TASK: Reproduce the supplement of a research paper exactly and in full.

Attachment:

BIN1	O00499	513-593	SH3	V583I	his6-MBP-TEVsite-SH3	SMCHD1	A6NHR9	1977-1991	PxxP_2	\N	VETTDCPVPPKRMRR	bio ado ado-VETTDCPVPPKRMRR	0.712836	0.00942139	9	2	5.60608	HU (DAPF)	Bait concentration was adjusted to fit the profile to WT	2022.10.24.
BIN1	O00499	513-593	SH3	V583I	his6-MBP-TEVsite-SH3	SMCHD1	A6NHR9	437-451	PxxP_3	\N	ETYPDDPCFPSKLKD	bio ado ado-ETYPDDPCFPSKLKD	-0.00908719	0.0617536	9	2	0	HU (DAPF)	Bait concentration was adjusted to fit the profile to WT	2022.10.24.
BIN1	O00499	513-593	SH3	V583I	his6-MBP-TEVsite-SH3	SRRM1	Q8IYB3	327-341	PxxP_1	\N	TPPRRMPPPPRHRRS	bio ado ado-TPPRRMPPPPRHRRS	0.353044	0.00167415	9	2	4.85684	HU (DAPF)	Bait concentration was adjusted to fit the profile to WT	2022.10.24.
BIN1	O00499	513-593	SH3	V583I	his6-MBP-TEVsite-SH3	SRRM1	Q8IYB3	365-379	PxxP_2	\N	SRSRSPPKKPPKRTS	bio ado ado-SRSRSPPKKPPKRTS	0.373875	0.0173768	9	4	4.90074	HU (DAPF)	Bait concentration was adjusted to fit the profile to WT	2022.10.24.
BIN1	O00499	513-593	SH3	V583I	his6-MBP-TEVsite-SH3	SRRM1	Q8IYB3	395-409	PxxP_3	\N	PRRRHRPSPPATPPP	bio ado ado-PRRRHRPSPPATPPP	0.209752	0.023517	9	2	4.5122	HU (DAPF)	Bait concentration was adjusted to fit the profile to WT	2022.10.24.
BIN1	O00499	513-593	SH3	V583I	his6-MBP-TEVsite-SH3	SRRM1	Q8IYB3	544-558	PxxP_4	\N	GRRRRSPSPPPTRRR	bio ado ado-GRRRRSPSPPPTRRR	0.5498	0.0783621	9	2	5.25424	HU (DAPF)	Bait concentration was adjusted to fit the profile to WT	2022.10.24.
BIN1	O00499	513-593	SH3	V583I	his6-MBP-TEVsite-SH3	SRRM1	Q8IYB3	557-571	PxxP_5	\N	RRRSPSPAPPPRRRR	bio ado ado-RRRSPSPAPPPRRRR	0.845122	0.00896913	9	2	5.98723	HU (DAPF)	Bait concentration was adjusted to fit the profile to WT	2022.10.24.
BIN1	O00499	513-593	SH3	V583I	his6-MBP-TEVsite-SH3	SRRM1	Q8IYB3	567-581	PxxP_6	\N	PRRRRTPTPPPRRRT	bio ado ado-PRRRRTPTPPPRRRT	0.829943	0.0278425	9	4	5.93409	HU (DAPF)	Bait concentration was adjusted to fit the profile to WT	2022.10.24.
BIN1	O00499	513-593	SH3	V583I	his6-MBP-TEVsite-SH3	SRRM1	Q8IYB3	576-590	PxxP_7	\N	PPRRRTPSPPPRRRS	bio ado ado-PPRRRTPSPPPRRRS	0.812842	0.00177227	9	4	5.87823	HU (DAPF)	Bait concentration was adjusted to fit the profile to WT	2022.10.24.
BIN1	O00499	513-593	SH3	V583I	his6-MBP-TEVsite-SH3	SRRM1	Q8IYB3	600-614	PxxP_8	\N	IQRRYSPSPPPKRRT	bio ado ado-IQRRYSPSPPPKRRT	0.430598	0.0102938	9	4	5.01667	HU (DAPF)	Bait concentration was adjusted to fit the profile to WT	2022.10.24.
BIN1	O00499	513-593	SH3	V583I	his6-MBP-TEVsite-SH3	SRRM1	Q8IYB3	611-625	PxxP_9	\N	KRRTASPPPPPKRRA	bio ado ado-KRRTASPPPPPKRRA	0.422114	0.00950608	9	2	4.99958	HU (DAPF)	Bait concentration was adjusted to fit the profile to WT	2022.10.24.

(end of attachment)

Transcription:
BIN1	O00499	513-593	SH3	V583I	his6-MBP-TEVsite-SH3	SMCHD1	A6NHR9	1977-1991	PxxP_2	\N	VETTDCPVPPKRMRR	bio ado ado-VETTDCPVPPKRMRR	0.712836	0.00942139	9	2	5.60608	HU (DAPF)	Bait concentration was adjusted to fit the profile to WT	2022.10.24.
BIN1	O00499	513-593	SH3	V583I	his6-MBP-TEVsite-SH3	SMCHD1	A6NHR9	437-451	PxxP_3	\N	ETYPDDPCFPSKLKD	bio ado ado-ETYPDDPCFPSKLKD	-0.00908719	0.0617536	9	2	0	HU (DAPF)	Bait concentration was adjusted to fit the profile to WT	2022.10.24.
BIN1	O00499	513-593	SH3	V583I	his6-MBP-TEVsite-SH3	SRRM1	Q8IYB3	327-341	PxxP_1	\N	TPPRRMPPPPRHRRS	bio ado ado-TPPRRMPPPPRHRRS	0.353044	0.00167415	9	2	4.85684	HU (DAPF)	Bait concentration was adjusted to fit the profile to WT	2022.10.24.
BIN1	O00499	513-593	SH3	V583I	his6-MBP-TEVsite-SH3	SRRM1	Q8IYB3	365-379	PxxP_2	\N	SRSRSPPKKPPKRTS	bio ado ado-SRSRSPPKKPPKRTS	0.373875	0.0173768	9	4	4.90074	HU (DAPF)	Bait concentration was adjusted to fit the profile to WT	2022.10.24.
BIN1	O00499	513-593	SH3	V583I	his6-MBP-TEVsite-SH3	SRRM1	Q8IYB3	395-409	PxxP_3	\N	PRRRHRPSPPATPPP	bio ado ado-PRRRHRPSPPATPPP	0.209752	0.023517	9	2	4.5122	HU (DAPF)	Bait concentration was adjusted to fit the profile to WT	2022.10.24.
BIN1	O00499	513-593	SH3	V583I	his6-MBP-TEVsite-SH3	SRRM1	Q8IYB3	544-558	PxxP_4	\N	GRRRRSPSPPPTRRR	bio ado ado-GRRRRSPSPPPTRRR	0.5498	0.0783621	9	2	5.25424	HU (DAPF)	Bait concentration was adjusted to fit the profile to WT	2022.10.24.
BIN1	O00499	513-593	SH3	V583I	his6-MBP-TEVsite-SH3	SRRM1	Q8IYB3	557-571	PxxP_5	\N	RRRSPSPAPPPRRRR	bio ado ado-RRRSPSPAPPPRRRR	0.845122	0.00896913	9	2	5.98723	HU (DAPF)	Bait concentration was adjusted to fit the profile to WT	2022.10.24.
BIN1	O00499	513-593	SH3	V583I	his6-MBP-TEVsite-SH3	SRRM1	Q8IYB3	567-581	PxxP_6	\N	PRRRRTPTPPPRRRT	bio ado ado-PRRRRTPTPPPRRRT	0.829943	0.0278425	9	4	5.93409	HU (DAPF)	Bait concentration was adjusted to fit the profile to WT	2022.10.24.
BIN1	O00499	513-593	SH3	V583I	his6-MBP-TEVsite-SH3	SRRM1	Q8IYB3	576-590	PxxP_7	\N	PPRRRTPSPPPRRRS	bio ado ado-PPRRRTPSPPPRRRS	0.812842	0.00177227	9	4	5.87823	HU (DAPF)	Bait concentration was adjusted to fit the profile to WT	2022.10.24.
BIN1	O00499	513-593	SH3	V583I	his6-MBP-TEVsite-SH3	SRRM1	Q8IYB3	600-614	PxxP_8	\N	IQRRYSPSPPPKRRT	bio ado ado-IQRRYSPSPPPKRRT	0.430598	0.0102938	9	4	5.01667	HU (DAPF)	Bait concentration was adjusted to fit the profile to WT	2022.10.24.
BIN1	O00499	513-593	SH3	V583I	his6-MBP-TEVsite-SH3	SRRM1	Q8IYB3	611-625	PxxP_9	\N	KRRTASPPPPPKRRA	bio ado ado-KRRTASPPPPPKRRA	0.422114	0.00950608	9	2	4.99958	HU (DAPF)	Bait concentration was adjusted to fit the profile to WT	2022.10.24.